5. Uganda: Surely by now you’ve heard about the Kony 2012 campaign, which addresses the Lord’s Resistance Army (LRA) movement which began in Uganda and has now spread to the DRC, the Central African Republic (CAR), and South Sudan. Last October, President Obama deployed 100 U.S. troops to the region to assist with the capture of LRA leaders, namely Joseph Kony, and ending LRA atrocities. The U.S. is to provide regional armies with military and technical training, while at the same time building regional unity amongst nations that have not traditionally worked with one another. The UN urges that the countries tracking Kony be fully equipped with uniforms, food, transportation, and training by December. As a result of LRA atrocities, at least 444,000 people have had to flee their homes for continued existence as internally displaced people and refugees.
6. Nigeria: As Goodluck Jonathan's administration struggles to contain northern Nigeria's Boko Haram insurgency, the threat of sectarian and inter-communal violence in the country’s northern and Middle Belt states continues to mount. Boko Haram has emerged from a deep-seated, pervasive sense of socioeconomic discontent and political marginalization among northern Nigeria's disaffected populace. The insurgency is likely to continue in the absence of a negotiated, comprehensive approach to northern Nigeria's political, economic, and human insecurities. Nigeria is sub-Saharan Africa's largest oil producer, and the instability in the country's southern, oil-producing states poses significant risks to its already-fragile political economy.
7. Mali: As the country attempts to mitigate multiple counter terrorism, governance, and food security challenges, the political conflict continues to test the country. Mali's present crisis began in January, when the Tuareg-based National Movement for the Liberation of Azawad (MNLA) launched an insurgency in the country's semi-autonomous northern region, which they promptly renamed "Azawad." In March, a group of mid-level military officers, frustrated with the central government's inability to mitigate the Tuareg crisis, staged a coup in Bamako, Mali's capital. Between the coup and the MNLA insurgency – which was, just a few months ago, a bright example of gradual, progressive democratization – a significant threat to regional stability has emerged, not to mention continuous ecological and humanitarian burdens.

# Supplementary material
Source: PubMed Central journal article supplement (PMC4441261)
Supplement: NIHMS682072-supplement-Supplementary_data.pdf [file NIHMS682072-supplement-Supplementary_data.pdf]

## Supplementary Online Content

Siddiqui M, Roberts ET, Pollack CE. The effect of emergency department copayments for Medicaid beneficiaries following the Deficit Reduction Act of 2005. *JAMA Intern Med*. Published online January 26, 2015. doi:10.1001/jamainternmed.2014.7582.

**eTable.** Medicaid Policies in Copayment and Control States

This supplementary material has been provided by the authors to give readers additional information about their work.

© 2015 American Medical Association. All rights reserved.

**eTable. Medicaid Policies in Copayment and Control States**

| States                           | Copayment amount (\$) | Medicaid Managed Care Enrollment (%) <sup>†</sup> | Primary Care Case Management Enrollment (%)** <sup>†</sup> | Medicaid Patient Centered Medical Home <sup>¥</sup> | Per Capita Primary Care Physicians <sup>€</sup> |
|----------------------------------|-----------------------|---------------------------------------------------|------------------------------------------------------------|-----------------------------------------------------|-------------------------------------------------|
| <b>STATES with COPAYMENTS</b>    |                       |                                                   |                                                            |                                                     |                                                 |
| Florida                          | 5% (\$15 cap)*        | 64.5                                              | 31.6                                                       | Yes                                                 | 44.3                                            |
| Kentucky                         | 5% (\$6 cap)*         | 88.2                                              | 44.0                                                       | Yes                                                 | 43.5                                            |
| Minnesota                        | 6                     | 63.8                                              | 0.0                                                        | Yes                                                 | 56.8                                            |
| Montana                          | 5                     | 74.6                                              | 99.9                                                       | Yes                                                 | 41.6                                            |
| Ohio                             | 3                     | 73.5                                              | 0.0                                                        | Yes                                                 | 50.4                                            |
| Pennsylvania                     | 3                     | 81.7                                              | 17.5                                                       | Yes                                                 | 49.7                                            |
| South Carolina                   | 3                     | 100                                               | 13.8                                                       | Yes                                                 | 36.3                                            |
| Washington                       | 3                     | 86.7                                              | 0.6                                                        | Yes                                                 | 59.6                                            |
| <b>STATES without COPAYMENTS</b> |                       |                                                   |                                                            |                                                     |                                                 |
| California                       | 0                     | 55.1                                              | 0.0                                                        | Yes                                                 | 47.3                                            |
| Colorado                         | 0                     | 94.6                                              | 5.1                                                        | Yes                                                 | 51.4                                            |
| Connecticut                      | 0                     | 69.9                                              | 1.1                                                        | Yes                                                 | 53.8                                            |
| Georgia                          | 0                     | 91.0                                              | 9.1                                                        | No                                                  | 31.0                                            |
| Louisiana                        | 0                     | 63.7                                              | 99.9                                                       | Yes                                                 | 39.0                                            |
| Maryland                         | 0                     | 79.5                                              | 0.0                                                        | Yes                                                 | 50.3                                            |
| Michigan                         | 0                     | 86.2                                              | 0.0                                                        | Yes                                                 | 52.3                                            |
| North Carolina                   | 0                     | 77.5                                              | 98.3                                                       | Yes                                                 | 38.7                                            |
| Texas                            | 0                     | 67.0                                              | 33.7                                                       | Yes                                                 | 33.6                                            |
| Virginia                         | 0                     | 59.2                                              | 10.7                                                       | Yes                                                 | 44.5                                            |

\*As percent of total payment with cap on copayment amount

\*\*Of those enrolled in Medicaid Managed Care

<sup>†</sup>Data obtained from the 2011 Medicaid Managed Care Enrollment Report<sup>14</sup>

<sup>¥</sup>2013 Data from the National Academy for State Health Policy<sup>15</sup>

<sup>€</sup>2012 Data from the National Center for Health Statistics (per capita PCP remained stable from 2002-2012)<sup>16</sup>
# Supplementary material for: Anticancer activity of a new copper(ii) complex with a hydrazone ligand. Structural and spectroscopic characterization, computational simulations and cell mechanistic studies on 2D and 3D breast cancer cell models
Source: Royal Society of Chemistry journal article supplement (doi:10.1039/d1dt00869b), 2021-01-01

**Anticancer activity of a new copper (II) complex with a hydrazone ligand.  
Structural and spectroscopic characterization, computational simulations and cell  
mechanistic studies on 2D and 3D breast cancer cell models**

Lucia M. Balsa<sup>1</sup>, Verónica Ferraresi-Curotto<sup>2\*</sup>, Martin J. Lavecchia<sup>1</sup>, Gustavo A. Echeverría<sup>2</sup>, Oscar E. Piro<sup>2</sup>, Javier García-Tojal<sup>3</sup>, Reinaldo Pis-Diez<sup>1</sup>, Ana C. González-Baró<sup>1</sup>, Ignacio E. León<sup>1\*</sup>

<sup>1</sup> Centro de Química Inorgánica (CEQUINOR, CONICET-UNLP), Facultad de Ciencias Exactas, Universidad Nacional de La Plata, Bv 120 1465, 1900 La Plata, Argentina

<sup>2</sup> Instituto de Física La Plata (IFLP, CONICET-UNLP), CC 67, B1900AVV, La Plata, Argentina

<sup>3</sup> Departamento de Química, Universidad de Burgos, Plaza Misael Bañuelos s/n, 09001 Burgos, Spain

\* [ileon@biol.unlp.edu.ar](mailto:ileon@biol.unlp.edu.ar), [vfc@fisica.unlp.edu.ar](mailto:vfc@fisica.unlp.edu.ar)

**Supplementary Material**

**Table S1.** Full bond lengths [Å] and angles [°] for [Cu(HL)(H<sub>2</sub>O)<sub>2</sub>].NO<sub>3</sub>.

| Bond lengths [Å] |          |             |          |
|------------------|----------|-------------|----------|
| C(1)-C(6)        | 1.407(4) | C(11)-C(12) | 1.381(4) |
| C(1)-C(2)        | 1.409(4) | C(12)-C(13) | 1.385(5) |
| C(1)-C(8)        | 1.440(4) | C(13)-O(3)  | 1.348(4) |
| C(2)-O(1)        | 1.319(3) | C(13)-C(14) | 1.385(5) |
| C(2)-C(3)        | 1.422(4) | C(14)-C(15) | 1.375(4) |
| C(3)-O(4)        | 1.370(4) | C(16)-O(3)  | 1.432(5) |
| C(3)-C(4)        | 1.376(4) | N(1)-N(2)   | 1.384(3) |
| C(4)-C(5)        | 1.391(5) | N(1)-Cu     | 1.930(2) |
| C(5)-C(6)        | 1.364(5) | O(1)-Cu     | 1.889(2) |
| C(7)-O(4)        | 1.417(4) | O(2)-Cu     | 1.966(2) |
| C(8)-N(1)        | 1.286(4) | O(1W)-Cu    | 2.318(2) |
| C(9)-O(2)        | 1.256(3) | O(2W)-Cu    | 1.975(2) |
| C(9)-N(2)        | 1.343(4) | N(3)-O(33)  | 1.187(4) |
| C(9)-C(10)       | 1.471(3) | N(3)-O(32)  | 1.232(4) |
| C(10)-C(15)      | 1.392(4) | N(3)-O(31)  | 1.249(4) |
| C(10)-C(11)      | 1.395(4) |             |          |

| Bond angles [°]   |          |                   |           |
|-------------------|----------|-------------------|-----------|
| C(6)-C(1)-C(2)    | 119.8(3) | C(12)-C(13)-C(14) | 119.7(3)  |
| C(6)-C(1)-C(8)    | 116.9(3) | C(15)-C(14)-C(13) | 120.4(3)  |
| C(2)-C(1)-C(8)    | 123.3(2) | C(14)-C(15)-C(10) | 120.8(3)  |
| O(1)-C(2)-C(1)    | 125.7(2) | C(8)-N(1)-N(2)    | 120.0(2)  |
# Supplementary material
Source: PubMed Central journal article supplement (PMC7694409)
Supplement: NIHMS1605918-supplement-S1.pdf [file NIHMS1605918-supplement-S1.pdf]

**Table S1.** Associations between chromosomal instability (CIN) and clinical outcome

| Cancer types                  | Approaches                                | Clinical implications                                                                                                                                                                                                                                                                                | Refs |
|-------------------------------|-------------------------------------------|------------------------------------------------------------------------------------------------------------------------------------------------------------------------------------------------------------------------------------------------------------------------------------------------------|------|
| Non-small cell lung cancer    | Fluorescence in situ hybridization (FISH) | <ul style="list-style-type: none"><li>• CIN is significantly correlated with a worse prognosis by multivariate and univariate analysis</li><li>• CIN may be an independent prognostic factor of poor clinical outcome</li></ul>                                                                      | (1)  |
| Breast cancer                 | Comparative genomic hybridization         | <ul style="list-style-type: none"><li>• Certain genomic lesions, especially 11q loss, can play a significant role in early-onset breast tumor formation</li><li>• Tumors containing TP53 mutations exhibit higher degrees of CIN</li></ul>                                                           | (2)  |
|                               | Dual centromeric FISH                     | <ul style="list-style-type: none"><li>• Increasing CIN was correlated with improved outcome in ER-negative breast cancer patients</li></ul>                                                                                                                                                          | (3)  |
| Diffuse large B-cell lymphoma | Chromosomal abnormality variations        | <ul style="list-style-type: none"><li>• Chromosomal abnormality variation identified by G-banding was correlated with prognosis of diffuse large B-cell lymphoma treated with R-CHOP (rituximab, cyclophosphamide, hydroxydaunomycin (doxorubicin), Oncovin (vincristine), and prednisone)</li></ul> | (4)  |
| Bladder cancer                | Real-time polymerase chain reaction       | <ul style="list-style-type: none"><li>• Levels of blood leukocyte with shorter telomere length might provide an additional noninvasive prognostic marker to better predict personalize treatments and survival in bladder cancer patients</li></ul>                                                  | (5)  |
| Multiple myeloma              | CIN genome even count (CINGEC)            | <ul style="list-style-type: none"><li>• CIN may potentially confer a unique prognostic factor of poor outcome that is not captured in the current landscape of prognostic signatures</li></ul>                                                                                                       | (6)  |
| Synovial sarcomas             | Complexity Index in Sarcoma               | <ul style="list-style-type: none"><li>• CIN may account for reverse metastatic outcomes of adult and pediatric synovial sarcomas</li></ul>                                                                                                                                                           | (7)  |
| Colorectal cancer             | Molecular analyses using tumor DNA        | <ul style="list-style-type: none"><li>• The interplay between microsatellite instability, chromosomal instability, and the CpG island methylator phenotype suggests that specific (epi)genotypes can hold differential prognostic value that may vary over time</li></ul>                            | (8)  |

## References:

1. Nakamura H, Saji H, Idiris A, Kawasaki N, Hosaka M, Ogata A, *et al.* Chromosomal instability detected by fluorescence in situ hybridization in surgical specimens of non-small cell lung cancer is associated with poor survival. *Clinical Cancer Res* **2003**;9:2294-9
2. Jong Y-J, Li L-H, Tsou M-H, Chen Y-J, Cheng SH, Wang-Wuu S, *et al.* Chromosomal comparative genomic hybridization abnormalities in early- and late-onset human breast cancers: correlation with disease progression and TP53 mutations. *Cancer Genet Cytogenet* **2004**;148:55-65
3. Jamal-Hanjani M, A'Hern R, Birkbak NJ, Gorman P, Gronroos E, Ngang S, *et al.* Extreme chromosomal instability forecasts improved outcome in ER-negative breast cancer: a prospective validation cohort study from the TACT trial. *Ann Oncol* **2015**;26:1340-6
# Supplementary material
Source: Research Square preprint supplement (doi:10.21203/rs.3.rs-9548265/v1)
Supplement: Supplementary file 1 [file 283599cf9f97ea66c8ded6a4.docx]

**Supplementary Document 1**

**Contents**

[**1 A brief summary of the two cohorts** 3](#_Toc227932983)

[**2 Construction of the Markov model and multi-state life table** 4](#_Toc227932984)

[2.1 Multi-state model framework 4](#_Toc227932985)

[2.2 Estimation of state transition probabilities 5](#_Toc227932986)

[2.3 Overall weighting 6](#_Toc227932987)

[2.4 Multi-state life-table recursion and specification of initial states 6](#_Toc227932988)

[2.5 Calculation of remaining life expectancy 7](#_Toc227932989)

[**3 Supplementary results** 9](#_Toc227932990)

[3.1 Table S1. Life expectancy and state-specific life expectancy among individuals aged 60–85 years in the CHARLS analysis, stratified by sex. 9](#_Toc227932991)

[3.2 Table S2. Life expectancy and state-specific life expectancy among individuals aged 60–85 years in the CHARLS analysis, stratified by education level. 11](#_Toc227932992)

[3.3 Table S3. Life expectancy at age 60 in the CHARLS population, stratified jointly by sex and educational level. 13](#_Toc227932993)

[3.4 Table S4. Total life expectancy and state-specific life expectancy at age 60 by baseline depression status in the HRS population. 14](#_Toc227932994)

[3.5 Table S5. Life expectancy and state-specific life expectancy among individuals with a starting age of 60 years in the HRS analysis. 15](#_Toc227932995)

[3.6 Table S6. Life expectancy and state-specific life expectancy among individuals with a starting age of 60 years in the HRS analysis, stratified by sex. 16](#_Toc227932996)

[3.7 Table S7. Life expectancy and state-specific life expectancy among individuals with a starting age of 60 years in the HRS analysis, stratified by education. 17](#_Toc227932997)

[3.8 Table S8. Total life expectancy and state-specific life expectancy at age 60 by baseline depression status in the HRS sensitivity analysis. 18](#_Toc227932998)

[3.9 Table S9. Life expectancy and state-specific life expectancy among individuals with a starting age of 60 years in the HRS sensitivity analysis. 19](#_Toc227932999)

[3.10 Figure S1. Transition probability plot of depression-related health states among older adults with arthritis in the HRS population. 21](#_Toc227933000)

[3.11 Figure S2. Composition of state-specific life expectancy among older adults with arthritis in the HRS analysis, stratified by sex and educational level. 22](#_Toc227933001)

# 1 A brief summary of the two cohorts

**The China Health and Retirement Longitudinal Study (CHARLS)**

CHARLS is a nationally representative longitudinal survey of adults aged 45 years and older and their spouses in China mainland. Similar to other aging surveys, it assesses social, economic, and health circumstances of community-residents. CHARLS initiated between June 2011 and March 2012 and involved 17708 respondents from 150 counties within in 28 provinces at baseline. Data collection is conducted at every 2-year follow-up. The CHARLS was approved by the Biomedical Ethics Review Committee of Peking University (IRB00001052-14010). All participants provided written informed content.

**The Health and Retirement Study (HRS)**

Why Americans Should Care
While the African continent seems far away, the conflicts that occur on it can nonetheless impact American lives. Conflicts create instability throughout civil society, as governments are weakened or corrupted. Civil liberties and human rights are put in peril, with actual human beings suffering the consequences of resulting violations and atrocities. Mass emigration and forced displacement often occur, turning one country’s instability into an entire region’s instability; and one region’s instability impacts the entire world, affecting our entire economic, political, and social well-being.
Jessica is a student leader on STAND, a student-led movement for preventing mass atrocities around the world. She is also an active member of the Stanford STAND chapter, which addresses most of the conflicts on the list. If you are interested in getting involved with issues of human rights, civilian protection, or diaspora groups, email firstname.lastname@example.org. Many thanks to Caity Monroe for assistance on the DRC section.